International genetic study reveals history of the Druse community

Results indicate the Druse share a high genetic similarity that significantly distinguishes them from members of other groups and communities in the Middle East.

February 12, 2015 12:21
3 minute read.
Zidan Saif

Members of the Druse community watch the funeral of Israeli Druse police officer Zidan Saif in the northern village of Yanuh-Jat on November 19, 2014.. (photo credit: REUTERS)


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A first-of-its-kind genetic study of the Druse community in Israel and abroad, has found that they formed around the 11th century CE and has confirmed that they traditionally marry only within their extended families.

The genetic study confirmed the history of the Druse community going back a millennium. Since the 11th century, there has been no genetic impact of other ethnic groups on the community. “Our findings correlate with the Druse community’s beliefs regarding their origin,” Prof. Gil Atzmon commented.

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Traditionally, the Druse people believe that their community was founded 1,000 years ago as a new religious movement under Egypt’s sixth caliph of the Fatimid Dynasty.

There are currently 1.5 million Druse around the world who live mainly in Syria and Lebanon, with the rest in Israel and Jordan. According to Druse tradition, marriages take place only within the clans.

An international team of researchers was formed to carry out the study, just published in the European Journal of Human Genetics – Nature. The team sought to examine whether the Druse of today have a similar gene pool and if so, when it began to take shape.

The research was led by Atzmon, professor of human biology at the University of Haifa, with oncology Prof. Jamal Zidan of Bar-Ilan University’s Faculty of Medicine in the Galilee in Safed and Prof. Eitan Friedman of Tel Aviv University’s Sackler Faculty of Medicine. The team also included Dr. Dan Ben-Avraham of the department of medicine and genetics at New York’s Albert Einstein College of Medicine; Dr. Shai Carmi of the computer science department at New York’s Columbia University; and Dr.

Taiseer Maray of the Golan for Development organization.

The study included 120 participants from 40 Druse families; half of whom were from the village of Beit Jann in the Upper Galilee and the rest from Majdal Shams on the Golan Heights.

They were selected according to the origins of clans, based on their family names and information that had been passed down orally from generation to generation. The mother, father and son of each family were genetically tested. All the families who participated in the study were from different clans so that the sample would be representative and it excluded first- or second-degree family relationships to any other participants in the study.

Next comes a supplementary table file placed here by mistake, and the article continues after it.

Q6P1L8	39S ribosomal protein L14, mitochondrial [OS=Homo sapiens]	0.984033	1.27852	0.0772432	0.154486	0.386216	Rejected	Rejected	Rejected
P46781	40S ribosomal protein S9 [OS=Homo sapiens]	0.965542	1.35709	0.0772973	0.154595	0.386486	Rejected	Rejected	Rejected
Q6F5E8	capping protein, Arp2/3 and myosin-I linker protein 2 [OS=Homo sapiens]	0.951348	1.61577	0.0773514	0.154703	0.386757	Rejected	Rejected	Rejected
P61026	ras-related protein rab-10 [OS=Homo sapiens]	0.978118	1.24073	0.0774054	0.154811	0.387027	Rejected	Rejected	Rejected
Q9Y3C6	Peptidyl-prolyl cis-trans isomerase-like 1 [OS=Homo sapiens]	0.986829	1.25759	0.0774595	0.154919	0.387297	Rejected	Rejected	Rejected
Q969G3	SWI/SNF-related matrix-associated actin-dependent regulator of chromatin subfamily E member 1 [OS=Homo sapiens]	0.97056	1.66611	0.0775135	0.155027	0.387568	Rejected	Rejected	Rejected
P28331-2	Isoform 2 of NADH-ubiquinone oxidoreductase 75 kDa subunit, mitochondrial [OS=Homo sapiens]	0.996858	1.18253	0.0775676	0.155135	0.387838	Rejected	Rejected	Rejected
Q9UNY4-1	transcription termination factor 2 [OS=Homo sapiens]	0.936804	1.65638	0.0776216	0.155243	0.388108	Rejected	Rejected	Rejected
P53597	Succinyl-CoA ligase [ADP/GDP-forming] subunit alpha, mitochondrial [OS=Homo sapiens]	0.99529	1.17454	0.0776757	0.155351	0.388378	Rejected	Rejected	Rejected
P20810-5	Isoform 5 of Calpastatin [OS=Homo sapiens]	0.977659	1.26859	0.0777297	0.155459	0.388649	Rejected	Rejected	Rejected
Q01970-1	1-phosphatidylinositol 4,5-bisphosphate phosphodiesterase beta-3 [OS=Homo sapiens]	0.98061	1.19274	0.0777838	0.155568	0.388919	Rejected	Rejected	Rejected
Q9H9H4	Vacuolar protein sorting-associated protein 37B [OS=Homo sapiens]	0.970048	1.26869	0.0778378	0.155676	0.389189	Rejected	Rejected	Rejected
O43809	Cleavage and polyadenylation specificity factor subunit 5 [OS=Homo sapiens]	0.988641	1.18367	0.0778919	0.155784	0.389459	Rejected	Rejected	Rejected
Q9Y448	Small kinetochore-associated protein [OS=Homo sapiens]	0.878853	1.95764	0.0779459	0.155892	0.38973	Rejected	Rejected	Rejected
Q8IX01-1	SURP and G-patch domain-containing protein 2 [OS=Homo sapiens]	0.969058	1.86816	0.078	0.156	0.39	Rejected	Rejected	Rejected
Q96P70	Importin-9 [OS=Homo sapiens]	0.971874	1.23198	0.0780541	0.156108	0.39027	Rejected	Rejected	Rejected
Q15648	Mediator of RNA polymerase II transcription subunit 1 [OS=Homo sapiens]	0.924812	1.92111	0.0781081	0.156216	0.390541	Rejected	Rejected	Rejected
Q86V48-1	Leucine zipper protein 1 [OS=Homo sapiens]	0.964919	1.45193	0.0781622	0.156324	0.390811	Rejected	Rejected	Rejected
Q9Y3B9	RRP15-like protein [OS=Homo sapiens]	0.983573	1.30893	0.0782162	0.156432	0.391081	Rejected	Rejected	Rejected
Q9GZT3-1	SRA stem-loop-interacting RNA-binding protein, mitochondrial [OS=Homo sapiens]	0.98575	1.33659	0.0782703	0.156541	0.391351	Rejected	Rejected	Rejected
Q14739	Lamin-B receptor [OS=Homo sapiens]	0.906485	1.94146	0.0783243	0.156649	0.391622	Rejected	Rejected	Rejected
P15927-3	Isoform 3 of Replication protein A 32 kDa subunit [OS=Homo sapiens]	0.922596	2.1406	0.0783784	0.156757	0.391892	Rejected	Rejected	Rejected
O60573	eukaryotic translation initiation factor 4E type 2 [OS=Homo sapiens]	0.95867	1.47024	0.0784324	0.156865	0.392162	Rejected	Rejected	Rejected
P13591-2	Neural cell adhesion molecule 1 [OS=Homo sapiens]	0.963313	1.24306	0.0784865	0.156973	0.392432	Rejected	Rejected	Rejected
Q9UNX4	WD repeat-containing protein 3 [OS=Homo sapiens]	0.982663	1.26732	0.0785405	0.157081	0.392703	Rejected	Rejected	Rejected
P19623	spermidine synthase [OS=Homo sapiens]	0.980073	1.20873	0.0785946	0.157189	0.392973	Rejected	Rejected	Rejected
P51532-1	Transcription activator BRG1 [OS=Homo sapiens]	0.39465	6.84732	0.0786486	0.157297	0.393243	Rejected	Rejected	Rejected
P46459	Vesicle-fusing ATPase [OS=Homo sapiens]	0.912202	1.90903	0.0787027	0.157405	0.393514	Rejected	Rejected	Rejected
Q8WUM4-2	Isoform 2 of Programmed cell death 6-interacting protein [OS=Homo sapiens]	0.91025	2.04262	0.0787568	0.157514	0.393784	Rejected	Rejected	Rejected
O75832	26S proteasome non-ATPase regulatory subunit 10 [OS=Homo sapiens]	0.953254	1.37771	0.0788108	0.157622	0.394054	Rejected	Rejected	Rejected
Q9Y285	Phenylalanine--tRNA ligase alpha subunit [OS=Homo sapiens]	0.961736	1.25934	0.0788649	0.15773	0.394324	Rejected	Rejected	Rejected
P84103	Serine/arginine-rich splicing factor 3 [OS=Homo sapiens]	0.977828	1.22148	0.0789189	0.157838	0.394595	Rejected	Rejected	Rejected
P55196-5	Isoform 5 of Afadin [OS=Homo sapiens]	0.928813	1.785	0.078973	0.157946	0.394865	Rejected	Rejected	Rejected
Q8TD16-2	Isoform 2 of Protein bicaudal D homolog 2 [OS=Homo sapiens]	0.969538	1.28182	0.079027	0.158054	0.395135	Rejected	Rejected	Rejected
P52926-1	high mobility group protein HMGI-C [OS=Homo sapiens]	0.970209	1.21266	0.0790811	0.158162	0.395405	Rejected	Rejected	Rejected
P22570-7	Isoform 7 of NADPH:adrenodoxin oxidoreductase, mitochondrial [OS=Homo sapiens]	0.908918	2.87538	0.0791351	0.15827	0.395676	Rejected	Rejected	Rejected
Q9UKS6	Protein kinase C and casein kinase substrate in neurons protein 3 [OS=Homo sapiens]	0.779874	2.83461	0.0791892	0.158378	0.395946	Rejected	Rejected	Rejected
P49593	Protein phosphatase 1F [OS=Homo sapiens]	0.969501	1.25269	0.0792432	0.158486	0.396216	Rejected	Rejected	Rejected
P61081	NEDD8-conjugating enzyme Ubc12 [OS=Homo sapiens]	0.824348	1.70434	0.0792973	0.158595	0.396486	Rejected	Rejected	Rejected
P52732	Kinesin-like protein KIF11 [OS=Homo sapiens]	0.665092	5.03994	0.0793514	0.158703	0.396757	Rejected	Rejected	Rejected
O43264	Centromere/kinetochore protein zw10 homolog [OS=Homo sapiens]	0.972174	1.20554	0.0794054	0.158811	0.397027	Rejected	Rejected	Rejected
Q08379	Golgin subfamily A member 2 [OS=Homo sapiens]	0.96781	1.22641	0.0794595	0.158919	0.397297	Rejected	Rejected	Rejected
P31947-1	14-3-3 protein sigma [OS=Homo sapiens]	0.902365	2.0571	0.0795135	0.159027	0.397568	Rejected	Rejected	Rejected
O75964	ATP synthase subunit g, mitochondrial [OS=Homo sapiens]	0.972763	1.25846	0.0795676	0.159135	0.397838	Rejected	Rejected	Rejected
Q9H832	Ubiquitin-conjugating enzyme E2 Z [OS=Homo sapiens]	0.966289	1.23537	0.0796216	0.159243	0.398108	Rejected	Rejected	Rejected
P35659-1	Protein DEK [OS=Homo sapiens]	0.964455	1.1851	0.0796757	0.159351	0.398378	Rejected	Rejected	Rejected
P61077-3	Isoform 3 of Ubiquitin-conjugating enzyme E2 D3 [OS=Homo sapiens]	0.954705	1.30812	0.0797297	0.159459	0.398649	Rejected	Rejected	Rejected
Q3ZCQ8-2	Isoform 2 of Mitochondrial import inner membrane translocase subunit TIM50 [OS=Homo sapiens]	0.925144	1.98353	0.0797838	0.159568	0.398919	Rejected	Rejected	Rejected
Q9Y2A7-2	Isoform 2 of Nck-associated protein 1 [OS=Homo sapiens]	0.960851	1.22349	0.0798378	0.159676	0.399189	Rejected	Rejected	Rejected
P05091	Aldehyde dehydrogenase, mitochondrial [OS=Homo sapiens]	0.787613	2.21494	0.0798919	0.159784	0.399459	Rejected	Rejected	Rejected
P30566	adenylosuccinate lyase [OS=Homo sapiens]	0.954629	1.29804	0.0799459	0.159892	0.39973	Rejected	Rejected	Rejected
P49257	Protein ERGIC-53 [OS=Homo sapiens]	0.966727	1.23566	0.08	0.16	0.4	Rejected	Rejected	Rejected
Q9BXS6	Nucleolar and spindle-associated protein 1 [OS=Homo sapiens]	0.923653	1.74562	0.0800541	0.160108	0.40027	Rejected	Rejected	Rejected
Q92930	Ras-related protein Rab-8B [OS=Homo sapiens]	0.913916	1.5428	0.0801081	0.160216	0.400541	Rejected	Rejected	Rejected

These characteristics all significantly increased the study’s genetic accuracy.

“In this study, we incorporated data that was published on the Druse of Lebanon, the Carmel Mountain region and various other populations to test the genetic structure of the Druse population relative to other populations,” said Zidan.

The results indicated that the Druse do indeed share a high genetic similarity that significantly distinguishes them from members of other groups and communities in the Middle East. Researchers discovered that this genetic similarity began in the 11th century, about 22 to 47 generations ago (there are differences of opinion over the duration of a generation).

During this period, a genetic “bottleneck” was formed; the genetic origin of many descendants came to an end; the community’s population decreased and the individuals in the population became genetically more alike. According to Atzmon, their research findings limit the ancestors of the Druse community to several hundred families who founded the community 1,000 years ago.

No additional groups from the outside joined this community since then. In addition, the researchers found evidence of genetic differences among Druse populations from Lebanon, the Golan Heights, the Upper Galilee and the Carmel Mountain area. This strengthened the evidence that marriages have taken place only within each extended family.

The researchers discovered that 500 years before the beginning of the Druse religion, around the 6th century CE and at the time of the birth of Islam, a genetic group began to take shape that formed the genetic basis of the Druse community’s ancestors.

The Druse genome was found to be largely similar to the genome of other Arab populations in the Middle East. They also found a few genetic elements in the Druse genome that originated from Europe, Central and South Asia (the Iran region) and Africa.

“Our next step is to try to identify the genetic component of common diseases in this sector using the traditional family structure in a study that will allow genetic decoding of regular genetic diseases and provide data on diseases that have a genetic basis, such as cancer and diabetes. We are also planning similar studies in the future of the Muslim and Christian populations in Israel,” Friedman said.

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